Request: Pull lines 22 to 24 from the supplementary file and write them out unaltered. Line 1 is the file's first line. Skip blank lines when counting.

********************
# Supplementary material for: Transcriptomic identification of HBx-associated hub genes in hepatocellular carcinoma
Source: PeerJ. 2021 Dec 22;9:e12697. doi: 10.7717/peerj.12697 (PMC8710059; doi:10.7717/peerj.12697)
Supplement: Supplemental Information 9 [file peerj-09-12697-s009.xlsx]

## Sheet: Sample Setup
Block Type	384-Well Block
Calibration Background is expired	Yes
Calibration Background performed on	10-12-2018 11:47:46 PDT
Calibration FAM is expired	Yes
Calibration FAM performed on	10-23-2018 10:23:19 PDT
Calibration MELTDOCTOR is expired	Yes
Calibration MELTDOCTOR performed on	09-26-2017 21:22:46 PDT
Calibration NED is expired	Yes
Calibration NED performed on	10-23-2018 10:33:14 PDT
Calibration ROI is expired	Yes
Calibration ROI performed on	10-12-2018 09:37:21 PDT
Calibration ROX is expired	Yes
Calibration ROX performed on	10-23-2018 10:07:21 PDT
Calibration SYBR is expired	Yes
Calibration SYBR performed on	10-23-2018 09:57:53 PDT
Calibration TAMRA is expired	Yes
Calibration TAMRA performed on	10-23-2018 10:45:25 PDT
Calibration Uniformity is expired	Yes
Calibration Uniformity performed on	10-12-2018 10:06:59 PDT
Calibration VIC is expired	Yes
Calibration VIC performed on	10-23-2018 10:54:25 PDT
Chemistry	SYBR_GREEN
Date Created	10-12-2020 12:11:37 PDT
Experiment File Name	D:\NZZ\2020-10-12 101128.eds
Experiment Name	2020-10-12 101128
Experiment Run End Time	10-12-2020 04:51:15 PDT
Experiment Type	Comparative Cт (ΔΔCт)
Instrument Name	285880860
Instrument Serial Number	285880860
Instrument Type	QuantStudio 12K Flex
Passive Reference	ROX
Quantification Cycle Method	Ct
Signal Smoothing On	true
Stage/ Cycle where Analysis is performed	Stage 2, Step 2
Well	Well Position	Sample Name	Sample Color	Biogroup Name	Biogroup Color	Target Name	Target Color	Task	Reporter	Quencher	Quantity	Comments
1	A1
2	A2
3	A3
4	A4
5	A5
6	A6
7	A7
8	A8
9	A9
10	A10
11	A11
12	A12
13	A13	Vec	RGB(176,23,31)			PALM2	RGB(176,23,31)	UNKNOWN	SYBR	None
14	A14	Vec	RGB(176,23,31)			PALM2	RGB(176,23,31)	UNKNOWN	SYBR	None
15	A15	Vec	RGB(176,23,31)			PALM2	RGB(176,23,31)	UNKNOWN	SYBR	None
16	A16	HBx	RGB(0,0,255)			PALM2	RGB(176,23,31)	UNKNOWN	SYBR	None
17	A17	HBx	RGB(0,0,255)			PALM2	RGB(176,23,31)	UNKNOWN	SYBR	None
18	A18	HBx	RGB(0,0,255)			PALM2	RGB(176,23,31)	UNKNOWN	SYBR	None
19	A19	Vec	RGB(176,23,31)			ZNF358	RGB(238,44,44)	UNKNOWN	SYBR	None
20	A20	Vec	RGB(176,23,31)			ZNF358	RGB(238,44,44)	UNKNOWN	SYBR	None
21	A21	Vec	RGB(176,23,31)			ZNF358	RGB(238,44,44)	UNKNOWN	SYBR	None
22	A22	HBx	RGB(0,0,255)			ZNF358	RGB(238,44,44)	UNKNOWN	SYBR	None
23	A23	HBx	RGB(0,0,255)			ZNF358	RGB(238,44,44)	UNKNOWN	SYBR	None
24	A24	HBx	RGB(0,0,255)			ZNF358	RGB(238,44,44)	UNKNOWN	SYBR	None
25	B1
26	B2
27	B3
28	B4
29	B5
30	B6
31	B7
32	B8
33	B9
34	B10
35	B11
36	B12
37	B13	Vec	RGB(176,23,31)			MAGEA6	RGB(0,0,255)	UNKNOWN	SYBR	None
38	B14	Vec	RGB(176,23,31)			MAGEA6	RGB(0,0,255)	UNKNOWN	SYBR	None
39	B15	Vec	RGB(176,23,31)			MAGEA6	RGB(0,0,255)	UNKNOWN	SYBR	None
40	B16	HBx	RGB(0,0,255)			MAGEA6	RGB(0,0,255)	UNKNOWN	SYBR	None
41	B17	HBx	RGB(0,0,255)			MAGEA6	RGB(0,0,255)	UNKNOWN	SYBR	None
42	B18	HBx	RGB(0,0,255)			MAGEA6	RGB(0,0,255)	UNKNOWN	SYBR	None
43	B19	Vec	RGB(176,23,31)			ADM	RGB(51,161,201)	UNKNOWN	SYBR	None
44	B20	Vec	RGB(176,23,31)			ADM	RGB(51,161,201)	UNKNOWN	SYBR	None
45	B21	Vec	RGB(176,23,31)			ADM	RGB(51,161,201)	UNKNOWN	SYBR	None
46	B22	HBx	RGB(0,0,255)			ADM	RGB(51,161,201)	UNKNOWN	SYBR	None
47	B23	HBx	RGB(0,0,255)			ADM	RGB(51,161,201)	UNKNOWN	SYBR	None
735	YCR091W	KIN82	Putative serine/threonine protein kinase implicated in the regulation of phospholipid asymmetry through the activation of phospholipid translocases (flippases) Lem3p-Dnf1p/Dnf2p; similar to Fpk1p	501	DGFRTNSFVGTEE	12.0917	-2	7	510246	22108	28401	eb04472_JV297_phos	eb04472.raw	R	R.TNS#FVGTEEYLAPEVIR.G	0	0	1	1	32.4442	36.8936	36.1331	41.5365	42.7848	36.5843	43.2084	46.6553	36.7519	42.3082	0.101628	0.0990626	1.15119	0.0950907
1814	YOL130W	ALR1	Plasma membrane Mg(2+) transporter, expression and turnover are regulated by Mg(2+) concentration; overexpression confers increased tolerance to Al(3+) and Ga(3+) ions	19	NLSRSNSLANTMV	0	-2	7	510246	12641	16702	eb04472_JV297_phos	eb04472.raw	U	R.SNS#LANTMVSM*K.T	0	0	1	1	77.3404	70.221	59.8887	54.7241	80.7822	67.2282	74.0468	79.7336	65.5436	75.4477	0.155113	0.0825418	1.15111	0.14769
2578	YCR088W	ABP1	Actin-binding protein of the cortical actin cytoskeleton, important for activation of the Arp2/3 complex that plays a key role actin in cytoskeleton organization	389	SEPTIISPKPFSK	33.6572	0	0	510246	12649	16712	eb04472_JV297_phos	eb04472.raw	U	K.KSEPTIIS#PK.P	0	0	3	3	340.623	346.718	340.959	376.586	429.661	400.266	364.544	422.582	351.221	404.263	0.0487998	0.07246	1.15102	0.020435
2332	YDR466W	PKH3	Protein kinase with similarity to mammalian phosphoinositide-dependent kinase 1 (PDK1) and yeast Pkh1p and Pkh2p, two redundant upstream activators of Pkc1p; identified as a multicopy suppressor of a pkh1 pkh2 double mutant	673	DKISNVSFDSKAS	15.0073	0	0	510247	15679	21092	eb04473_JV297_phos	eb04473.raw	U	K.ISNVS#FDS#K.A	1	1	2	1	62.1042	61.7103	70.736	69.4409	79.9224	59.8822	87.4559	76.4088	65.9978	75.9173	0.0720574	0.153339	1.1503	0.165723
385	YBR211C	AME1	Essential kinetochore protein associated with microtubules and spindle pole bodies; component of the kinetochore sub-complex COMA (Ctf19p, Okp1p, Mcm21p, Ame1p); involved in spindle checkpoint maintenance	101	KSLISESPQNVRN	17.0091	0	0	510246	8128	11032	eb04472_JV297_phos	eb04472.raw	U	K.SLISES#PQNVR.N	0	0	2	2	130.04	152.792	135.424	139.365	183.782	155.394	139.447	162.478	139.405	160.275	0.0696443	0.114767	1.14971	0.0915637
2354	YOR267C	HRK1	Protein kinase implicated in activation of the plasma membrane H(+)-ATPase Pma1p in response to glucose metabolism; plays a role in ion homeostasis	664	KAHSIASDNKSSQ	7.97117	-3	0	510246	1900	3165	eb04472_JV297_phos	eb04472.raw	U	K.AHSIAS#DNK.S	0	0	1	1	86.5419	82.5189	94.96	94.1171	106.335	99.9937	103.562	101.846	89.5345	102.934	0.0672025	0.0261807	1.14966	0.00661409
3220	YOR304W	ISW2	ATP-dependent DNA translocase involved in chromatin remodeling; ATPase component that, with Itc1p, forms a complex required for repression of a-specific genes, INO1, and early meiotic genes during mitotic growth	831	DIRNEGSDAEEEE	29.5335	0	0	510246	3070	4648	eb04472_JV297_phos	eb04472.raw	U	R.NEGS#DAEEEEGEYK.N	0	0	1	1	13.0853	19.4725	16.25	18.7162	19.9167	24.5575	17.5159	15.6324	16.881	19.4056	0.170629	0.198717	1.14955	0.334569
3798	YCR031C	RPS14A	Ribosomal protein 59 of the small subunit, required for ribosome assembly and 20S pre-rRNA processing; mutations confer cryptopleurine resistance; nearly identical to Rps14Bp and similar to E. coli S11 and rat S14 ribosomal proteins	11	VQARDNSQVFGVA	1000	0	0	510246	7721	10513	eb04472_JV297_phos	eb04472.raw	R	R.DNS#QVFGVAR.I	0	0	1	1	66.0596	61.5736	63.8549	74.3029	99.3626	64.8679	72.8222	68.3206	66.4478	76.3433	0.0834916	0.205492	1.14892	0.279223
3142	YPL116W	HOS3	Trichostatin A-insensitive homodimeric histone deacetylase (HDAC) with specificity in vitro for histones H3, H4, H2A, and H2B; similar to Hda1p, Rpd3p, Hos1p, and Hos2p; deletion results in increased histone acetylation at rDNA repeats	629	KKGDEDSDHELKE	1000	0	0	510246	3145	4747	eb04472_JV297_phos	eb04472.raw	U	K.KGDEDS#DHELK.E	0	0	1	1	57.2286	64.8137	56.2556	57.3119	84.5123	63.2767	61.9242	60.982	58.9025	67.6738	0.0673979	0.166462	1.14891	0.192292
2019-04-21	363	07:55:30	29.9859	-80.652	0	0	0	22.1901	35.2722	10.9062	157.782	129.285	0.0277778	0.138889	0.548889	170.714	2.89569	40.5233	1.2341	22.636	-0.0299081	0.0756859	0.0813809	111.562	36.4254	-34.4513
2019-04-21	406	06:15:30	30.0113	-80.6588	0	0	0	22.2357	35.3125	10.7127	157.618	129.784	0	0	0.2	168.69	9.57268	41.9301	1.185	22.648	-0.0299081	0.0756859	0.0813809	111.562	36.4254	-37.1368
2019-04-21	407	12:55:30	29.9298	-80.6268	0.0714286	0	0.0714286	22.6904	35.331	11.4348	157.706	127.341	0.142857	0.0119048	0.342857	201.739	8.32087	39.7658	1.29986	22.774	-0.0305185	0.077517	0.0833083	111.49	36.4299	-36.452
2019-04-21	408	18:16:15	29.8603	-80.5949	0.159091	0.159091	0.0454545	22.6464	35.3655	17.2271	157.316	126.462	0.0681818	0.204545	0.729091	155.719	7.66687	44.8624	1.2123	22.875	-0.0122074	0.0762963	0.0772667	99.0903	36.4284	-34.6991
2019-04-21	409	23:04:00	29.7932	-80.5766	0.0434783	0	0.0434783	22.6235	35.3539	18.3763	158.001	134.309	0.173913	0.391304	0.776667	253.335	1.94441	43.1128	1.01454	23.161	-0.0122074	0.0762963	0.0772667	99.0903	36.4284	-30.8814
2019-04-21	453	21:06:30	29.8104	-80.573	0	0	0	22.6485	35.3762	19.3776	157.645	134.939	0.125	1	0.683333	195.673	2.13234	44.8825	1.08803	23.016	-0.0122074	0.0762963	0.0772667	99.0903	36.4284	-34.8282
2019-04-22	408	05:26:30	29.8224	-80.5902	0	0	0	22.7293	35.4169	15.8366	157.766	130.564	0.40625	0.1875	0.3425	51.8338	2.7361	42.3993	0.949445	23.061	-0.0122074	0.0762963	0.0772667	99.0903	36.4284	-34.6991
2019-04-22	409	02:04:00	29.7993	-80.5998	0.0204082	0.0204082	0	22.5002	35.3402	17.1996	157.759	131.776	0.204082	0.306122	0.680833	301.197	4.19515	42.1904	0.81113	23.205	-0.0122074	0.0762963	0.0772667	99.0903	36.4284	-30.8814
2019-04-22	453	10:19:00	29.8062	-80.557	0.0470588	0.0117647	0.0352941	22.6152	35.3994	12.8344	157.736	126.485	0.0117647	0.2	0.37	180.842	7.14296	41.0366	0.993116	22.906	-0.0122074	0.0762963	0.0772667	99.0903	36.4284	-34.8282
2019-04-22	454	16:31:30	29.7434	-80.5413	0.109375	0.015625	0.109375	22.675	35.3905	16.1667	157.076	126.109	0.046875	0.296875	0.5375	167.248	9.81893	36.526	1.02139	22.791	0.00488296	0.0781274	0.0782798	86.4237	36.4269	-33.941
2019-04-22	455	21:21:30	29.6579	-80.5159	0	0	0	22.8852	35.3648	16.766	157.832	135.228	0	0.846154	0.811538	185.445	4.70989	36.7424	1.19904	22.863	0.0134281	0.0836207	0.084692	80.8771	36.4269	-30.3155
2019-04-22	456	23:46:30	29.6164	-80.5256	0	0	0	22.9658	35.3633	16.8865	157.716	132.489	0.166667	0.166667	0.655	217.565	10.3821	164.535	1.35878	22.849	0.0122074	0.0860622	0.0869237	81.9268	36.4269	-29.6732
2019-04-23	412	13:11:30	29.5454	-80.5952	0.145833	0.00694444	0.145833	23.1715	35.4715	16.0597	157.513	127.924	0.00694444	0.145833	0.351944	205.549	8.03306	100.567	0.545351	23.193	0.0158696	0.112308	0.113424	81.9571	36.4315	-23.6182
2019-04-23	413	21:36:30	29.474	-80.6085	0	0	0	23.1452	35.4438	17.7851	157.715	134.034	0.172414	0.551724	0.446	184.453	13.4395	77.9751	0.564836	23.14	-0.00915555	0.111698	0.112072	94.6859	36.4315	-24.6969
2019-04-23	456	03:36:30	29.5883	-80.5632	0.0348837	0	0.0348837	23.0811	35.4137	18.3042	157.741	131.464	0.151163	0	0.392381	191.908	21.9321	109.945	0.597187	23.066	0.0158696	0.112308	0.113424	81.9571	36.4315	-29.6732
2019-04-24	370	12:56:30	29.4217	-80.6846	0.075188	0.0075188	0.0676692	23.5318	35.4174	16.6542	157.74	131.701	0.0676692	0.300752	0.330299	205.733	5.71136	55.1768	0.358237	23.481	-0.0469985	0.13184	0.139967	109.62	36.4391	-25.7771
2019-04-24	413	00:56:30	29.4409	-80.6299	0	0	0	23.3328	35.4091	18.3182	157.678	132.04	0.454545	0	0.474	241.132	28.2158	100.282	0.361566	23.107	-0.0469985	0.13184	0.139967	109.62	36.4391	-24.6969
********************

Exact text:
Calibration Uniformity is expired	Yes
Calibration Uniformity performed on	10-12-2018 10:06:59 PDT
Calibration VIC is expired	Yes